The lack of support for this hypothesis suggests that if the families of adolescent sex offenders do indeed differ from those of other delinquents, they do so on dimensions of family life other than those assessed by the FES. In fact, from clinical experience, Smith and Monastersky (1987) proposed two primary distinguishing features of families of adolescent sexual offenders: denial of sexual tensions and a paucity of sexual knowledge or education. Further research is needed to verify these clinical impressions and to explore whether and how various types of sex offenders differ on important dimensions of family life.
Although the expected differences among groups of delinquent adolescents were not found, the findings of this study have a number of implications for intervention with families of adolescent sex offenders. Their family systems are similar to those of violent and nonviolent juvenile delinquents in most ways assessed by the FES. Therefore, it is likely that family interventions which have been demonstrated to be effective with juvenile delinquents in general are likely to be helpful with adolescent sex offenders. Clinical literature and experience with juvenile delinquents generally, are more advanced, and the lessons learned should be transferable to adolescent offenders and their families.
While similar to other delinquents' families, differences between the delinquent and the normative families did exist. The finding that delinquents view their families as less supportive than do normative families coincides with the findings of LeFlore (1988) and can be beneficial to clinicians. Of note is that similar results were found frequently in other studies of distressed adolescents (Fox et al., 1983; Friedrich et al., 1982; Kirst-Ashman, 1983; Kleinman et al., 1989; Leflore, 1988; Long & Jackson, 1991; Moos & Moos, 1986; Wood et al., 1988). Understanding adolescents' perspective can be helpful in creating strategies that fit with their world view. Utilization of interventions designed to enhance emotional support and bonding among family members would seem appropriate for most families of delinquents.
Delinquents in this study and those in LeFlore's 1988 study reported that their families were less expressive than normative families. This finding was also typical of other studies with distressed adolescents (Kirst-Ashman 1983; Kleinman et al., 1989; Long & Jackson, 1991; Moos & Moos, 1986; Wood et al., 1988). Clinicians may find it helpful to teach these families how to express their feelings more directly.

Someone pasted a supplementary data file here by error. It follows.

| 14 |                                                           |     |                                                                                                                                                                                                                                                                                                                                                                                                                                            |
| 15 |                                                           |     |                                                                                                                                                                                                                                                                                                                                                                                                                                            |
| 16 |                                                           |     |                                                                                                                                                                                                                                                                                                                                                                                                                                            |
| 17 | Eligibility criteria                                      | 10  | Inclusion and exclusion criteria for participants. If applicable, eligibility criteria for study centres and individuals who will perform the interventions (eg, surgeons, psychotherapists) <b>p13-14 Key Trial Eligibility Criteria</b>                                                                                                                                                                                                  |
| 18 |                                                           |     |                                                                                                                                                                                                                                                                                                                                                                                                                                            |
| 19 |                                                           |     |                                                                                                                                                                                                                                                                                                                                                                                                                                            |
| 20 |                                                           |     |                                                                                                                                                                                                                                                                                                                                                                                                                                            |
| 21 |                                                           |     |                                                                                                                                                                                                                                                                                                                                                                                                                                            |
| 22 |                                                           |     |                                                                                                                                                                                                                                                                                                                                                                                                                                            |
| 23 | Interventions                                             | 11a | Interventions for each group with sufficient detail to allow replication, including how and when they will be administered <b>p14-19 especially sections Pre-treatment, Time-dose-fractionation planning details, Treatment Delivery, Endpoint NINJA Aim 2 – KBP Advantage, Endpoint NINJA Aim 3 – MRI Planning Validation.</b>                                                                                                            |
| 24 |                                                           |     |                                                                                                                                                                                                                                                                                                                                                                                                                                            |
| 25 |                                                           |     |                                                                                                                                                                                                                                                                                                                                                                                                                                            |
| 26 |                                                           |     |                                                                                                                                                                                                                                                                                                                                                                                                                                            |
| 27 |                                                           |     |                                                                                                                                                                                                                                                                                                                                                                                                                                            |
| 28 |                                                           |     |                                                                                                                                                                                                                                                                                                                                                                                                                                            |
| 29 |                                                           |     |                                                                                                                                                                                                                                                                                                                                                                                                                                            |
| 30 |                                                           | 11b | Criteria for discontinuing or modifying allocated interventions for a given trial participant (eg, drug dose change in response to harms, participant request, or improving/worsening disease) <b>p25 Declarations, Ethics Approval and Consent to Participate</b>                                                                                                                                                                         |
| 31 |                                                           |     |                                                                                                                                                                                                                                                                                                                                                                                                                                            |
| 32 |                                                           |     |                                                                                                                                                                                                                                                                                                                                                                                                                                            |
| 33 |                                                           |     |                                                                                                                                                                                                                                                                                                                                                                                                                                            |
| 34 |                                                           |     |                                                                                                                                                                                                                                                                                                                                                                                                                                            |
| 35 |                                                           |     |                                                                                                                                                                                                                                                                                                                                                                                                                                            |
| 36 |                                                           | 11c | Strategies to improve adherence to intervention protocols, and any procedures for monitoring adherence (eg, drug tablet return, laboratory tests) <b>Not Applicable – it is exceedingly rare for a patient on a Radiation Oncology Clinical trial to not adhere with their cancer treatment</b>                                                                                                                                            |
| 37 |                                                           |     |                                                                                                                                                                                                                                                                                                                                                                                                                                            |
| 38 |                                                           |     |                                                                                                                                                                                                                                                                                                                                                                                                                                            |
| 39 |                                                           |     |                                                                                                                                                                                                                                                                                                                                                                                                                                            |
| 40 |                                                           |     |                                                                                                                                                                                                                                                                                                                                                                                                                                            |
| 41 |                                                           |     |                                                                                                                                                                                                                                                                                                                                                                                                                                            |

We also found that delinquent adolescents believed that their families encouraged independence or self-sufficiency less than did normal families. Therapists working with these families will need to determine if this difference is the result of living with a delinquent adolescent or indicates a lack of encouragement of independence which may in itself be a factor in the development of delinquency. In any event, the level of independence seems to be an important factor which differentiates delinquent from nondelinquent families.
Further, delinquent families seem to place less emphasis on intellectual-cultural as well as active-recreational activities than do nondelinquent families. LeFlore's (1988) findings are in agreement, that families of delinquents participate in fewer social and recreational activities than do families of nondelinquents. Research on other distressed adolescents also found this to be true (Fox et al., 1983; Friedrich et al., 1982; Kleinman et al., 1989; Moos & Moos, 1986; Wood et al., 1988). Both of these areas should be targeted for intervention in the treatment of these families.
Finally, we found that delinquent families were more bound to rules and procedures in structuring day-to-day family life. Again, it is unclear whether this is a result of delinquency or a factor in promoting delinquency. However, it may be important for therapists to examine this issue.
Limitations and Future Research Suggestions
Participants in this study were voluntary and self-selected, and therefore are not necessarily representative of the delinquent populations included here. Parental/guardian permission first had to be obtained, after which the adolescents decided if they would participate. Subjects were from programs/facilities that had agreed to cooperate with the study. Nonsex-offending delinquents were primarily from four residential programs; all but one was involved in a residential program. Adolescent sex offenders were closely divided between outpatients and residents. Placement in residential care often comes about only after other less restrictive alternatives have been exhausted, and frequently severe family dysfunction is a criterion for placement out of the home. Future studies should either include offenders from various levels of outpatient and residential treatment, or control for placement setting.
Information in this study was obtained by adolescent retrospective self-reports. Participants were asked to describe conditions at the time of their offense. In some cases, a long period of time had passed since the offense, inviting the possibility of treatment effect or inaccurate recall. For a more accurate and complete perspective of the family environment, information should be obtained early in the assessment or screening process and should include the perceptions of several family members. It is recommended that family instruments be included routinely in assessment, because families are frequently involved in treatment. A more comprehensive understanding of the family context would prove valuable in treatment planning and intervention design.
Detailed information about offenses and offense history was not obtained in this study. Future studies should attempt to differentiate family characteristics and environments among various types of adolescent sex offenders. Indeed, Bera (1985) found little difference between families of adolescent sex offenders and normal adolescent families in general, but significant differences emerged between various types of adolescent sexual offenders, classified according to offenses and offense patterns.
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|Author:||Bischof, Gary P.; Stith, Sandra M.; Whitney, Martha L.|
|Date:||Mar 22, 1995|